Before such releases can take place, attorneys for an old and ill prisoner will have to take the case through the Pennsylvania court system. It must go before the state superior court which, according to an attorney with the Pennsylvania Institutional Law Project, another group that has been involved in the reform, could take two years
This may well be too long for Tiyo Attallah Salah, 76, an inmate at Dallas prison near Wilkes-Barre currently serving life without parole. A former jazz musician, Salah has developed long-distance relationships with a large network of friends, including Lois Ahrens of the organization Real Cost of Prisons, Marina Drummer of the Angola 3, and historian Howard Zinn, whose support helped him earn a college degree and study law. He now tutors other inmates and has assisted 250 prisoners in earning their GED high school equivalency diplomas. Salah currently is sponsoring a prison abolition group from inside Dallas.
Salah suffers also from high blood pressure, arthritis and prostate problems, and nearly died from diabetes last year. The prison pumped the old man full of steroids to keep him going. Like all prisoners, he has to walk up and down flights of stairs, to the shower and to meals. Salah's job was cleaning showers on his hands and knees, and even though increasingly ill, he didn't want to give up the job because it earned him 20 -40 cents an hour, money he used to purchase goods at the prison commissary, such things as socks, sweat pants, tea, maybe a hat.
In early November, he told Ahrens there was no heat in the cell block and he was trying to get more clothes. Ahrens, who is in close contact with Salah, says at one point he could scarcely walk. He has been saved by a broad network of friends inside as well as outside the prison, with younger inmates stepping in to take over his job, bringing him something special to eat from time to time, like a piece of fruit.
At Norfolk prison in Massachusetts, a state which has no compassionate care law–and where one in six prisoners is serving a life sentence–offenders have banded together in an organization called Lifers' Group. They have drawn up a model bill they hope can be introduced into the state legislature. Fred Smith of St Francis House, which currently helps newly released prisoners in adjusting to society, recently was invited by the group to give a talk inside the prison. He found more than 100 prisoners turned out to hear his offer of support.
The long-termers' model bill would permit the corrections department to grant a medical release to prisoners who are not judged to be a danger to society, when they face terminal or when “confinement will substantially shorten the prisoner's life.''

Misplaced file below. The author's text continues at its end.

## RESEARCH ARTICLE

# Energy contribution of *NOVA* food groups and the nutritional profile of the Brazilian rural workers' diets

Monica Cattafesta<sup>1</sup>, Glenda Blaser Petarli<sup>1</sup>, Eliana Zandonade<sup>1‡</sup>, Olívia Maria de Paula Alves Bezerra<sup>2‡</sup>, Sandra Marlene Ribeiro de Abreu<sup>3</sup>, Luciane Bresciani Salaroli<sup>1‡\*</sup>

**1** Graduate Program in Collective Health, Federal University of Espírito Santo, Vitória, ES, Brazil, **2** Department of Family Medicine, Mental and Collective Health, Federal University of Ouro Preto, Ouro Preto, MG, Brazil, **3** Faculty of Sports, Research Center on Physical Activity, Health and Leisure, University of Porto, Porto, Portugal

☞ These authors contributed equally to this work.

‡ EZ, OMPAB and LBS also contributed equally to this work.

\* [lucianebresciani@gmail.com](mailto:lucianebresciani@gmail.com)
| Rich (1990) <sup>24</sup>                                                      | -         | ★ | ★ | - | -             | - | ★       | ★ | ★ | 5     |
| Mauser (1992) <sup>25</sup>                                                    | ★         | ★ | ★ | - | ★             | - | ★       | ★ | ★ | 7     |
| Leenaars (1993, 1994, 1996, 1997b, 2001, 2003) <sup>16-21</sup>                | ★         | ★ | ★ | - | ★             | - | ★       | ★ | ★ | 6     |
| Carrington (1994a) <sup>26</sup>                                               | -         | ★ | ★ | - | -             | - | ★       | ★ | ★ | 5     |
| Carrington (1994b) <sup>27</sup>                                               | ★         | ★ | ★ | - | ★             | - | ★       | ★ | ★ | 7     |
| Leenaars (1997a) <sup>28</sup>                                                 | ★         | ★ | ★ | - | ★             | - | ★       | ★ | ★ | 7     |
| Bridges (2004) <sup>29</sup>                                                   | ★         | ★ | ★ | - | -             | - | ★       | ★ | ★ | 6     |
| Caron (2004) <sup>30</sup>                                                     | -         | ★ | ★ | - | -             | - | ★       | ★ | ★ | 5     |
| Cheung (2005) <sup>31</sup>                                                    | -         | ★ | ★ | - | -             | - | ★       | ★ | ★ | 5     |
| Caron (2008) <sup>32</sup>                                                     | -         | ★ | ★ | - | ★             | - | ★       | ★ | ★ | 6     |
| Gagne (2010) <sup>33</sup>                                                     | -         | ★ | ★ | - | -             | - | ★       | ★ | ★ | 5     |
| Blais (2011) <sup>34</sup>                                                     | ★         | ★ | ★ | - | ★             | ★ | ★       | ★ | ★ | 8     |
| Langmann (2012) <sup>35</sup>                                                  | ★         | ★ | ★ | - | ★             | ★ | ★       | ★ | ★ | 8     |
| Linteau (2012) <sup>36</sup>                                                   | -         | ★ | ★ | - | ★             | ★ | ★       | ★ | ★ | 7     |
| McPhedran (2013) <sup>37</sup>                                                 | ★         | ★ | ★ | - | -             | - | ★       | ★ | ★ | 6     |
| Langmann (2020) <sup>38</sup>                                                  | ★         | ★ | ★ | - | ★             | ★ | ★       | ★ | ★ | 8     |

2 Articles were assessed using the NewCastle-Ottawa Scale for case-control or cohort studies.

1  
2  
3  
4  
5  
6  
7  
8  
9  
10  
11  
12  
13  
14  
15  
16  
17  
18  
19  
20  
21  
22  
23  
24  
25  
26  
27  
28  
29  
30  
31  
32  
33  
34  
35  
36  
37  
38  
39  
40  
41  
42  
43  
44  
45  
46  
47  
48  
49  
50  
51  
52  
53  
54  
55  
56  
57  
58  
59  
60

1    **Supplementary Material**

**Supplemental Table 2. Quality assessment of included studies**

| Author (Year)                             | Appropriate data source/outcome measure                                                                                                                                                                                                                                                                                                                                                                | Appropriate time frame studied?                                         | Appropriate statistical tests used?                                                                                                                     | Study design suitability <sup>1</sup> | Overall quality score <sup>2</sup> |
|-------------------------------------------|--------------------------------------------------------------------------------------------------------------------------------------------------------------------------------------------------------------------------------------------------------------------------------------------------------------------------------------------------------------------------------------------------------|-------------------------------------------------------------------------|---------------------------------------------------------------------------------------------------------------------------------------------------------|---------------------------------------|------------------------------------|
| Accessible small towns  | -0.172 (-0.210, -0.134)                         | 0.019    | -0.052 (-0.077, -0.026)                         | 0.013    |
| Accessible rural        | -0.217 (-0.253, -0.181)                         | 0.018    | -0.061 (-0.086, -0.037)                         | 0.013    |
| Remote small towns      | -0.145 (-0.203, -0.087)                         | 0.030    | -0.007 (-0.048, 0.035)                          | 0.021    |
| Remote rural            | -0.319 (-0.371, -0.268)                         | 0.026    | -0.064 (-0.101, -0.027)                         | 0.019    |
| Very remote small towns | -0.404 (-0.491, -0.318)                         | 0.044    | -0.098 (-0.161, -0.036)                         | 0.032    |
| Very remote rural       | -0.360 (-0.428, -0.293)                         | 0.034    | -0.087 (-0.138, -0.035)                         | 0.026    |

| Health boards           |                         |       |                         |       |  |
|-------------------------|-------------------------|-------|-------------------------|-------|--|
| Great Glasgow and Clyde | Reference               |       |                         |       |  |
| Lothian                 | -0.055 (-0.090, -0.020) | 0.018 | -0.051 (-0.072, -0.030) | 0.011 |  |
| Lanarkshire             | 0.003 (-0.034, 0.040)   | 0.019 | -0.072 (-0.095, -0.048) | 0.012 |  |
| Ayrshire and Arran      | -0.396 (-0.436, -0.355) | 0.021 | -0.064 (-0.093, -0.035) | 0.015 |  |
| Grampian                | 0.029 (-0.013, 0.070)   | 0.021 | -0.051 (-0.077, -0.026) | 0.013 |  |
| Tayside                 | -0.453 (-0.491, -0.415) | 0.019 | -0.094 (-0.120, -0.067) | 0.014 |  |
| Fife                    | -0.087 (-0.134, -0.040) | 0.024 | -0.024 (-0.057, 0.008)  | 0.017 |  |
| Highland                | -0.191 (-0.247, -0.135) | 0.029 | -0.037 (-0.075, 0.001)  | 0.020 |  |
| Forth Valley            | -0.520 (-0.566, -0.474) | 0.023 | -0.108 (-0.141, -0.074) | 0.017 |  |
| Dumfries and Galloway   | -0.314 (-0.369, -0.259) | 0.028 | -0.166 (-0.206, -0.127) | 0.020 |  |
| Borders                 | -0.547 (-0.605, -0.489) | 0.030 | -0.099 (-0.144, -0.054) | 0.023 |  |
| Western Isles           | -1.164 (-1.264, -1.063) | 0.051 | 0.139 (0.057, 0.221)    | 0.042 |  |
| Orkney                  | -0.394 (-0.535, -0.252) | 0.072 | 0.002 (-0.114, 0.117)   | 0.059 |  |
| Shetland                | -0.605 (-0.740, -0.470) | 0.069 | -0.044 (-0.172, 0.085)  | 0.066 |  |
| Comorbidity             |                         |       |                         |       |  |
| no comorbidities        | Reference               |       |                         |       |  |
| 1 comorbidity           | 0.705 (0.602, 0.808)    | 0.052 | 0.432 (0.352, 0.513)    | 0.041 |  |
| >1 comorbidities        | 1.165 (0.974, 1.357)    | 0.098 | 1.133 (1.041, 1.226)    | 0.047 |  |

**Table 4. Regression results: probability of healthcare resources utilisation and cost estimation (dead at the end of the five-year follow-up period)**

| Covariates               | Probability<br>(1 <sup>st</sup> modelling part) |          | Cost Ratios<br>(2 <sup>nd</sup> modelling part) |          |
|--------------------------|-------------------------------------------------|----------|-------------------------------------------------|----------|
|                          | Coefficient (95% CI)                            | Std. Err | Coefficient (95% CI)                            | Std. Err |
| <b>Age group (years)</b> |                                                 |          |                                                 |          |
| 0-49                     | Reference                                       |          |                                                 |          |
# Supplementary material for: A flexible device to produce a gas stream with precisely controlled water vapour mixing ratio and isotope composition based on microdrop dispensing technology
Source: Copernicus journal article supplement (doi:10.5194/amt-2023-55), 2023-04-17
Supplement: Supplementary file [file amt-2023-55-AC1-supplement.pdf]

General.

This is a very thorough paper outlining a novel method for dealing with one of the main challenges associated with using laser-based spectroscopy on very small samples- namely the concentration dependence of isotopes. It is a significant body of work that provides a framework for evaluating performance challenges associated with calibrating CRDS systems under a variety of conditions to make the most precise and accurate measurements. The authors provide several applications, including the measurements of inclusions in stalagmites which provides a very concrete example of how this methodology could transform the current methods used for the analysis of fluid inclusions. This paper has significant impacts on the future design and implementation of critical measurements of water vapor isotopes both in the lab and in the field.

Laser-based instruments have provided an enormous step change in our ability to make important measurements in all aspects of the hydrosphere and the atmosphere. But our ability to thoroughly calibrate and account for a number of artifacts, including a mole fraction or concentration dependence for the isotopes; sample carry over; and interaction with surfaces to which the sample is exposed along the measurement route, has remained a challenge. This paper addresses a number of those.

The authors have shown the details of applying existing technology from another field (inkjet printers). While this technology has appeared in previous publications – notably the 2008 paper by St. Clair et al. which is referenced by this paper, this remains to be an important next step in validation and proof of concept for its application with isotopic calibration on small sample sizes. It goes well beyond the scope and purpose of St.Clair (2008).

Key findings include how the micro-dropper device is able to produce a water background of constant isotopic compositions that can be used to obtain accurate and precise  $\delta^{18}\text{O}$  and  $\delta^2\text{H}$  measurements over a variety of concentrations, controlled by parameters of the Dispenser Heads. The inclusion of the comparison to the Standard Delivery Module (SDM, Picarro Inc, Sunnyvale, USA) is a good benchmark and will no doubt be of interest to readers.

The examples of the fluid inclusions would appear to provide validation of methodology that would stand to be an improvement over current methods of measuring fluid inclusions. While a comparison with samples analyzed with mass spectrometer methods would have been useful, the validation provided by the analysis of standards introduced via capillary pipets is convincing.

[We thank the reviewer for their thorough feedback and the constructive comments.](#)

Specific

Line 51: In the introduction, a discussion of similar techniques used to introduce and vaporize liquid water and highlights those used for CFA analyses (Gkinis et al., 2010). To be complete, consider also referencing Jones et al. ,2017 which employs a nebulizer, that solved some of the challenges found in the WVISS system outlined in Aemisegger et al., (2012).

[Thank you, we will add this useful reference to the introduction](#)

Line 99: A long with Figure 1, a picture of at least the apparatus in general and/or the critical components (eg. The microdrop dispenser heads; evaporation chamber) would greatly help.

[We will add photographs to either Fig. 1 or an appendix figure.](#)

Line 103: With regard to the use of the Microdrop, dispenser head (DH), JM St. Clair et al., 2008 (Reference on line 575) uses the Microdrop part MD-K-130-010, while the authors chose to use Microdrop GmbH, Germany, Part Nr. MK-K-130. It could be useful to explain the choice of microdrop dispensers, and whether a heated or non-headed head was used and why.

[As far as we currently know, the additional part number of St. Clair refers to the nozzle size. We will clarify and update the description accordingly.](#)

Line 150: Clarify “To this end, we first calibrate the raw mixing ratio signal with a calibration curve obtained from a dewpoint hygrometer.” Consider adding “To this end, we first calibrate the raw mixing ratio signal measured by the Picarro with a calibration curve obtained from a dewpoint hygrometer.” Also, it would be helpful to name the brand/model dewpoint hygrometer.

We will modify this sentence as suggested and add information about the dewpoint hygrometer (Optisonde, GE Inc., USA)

Frank Soffen, whose case was described in Part One of this Special Report, is cited by Lifers' Group as an example of an offender the new law could help. But Soffen, too, may die long before any reforms take place.
The final consequence of the aging prison population, and especially of life sentences, is that more and more offenders are dying in prison. Angola, home to 5,000 offenders, is well known for its hospice, where trained inmates ease the last days of fellow prisoners; the program is cited as a model for other prisons to emulate,. You can get an idea of what it's like by looking at a documentary film on the hospice by Edgar Barens, called Angola Prison Hospice: Opening the Door.
The hospice sees plenty of use, since an estimated 85 percent to 90 percent of the prisoners who enter the gates will never leave. Angola's warden, Burl Cain, is also proud of the fact that the prison has its own mortuary, coffin-making shop, and a cemetery called Point Lookout, and gives each prisoner a funeral service. “Two funerals a month,” Cain told one Christian publication, “that’s just about the only way out of here.”
Colonel Bolt, the former Angola prisoner who got out after 20 years in solitary, knows he is an exception to the rule. But he says that some men have spent so long at Angola that they can't even envision living out their old age on the outside. “They've been down so long,” Bolt said, that “they don't have no friends…don't have no lawyers. There's nothing out there for them.…They concentrate on things keeping you going… [They want to] occupy time…writing, drawing.” When these men think of what's going on outside, he said, “they get so frustrated…don't see no way out”–so some of them simply stop thinking about it.
Some prisoners can't even imagine going home to die, because they've had no home but Angola for most of their lives. When they die, Bolt said, “If the family got the money–they can bury them outside. Send the body to the front gate and [someone] will come get it out.” But many prisoners who “get to certain age,” he said, no longer have family, and no one who is “going to spend that money” for a coffin or a funeral.
When this happens, he continues, they “bury you down on the plantation….Old partners, old friends can take care of you…Go down to Point Lookout. A lot of cats want to be buried by their friends….[They say] 'I'm going to live here and die here…if I got out what can I do?' If you got three life sentences, four life sentences, what are you going to do?''
James Ridgeway is the senior Washington correspondent for Mother Jones.
Photo by Algo via Flickr.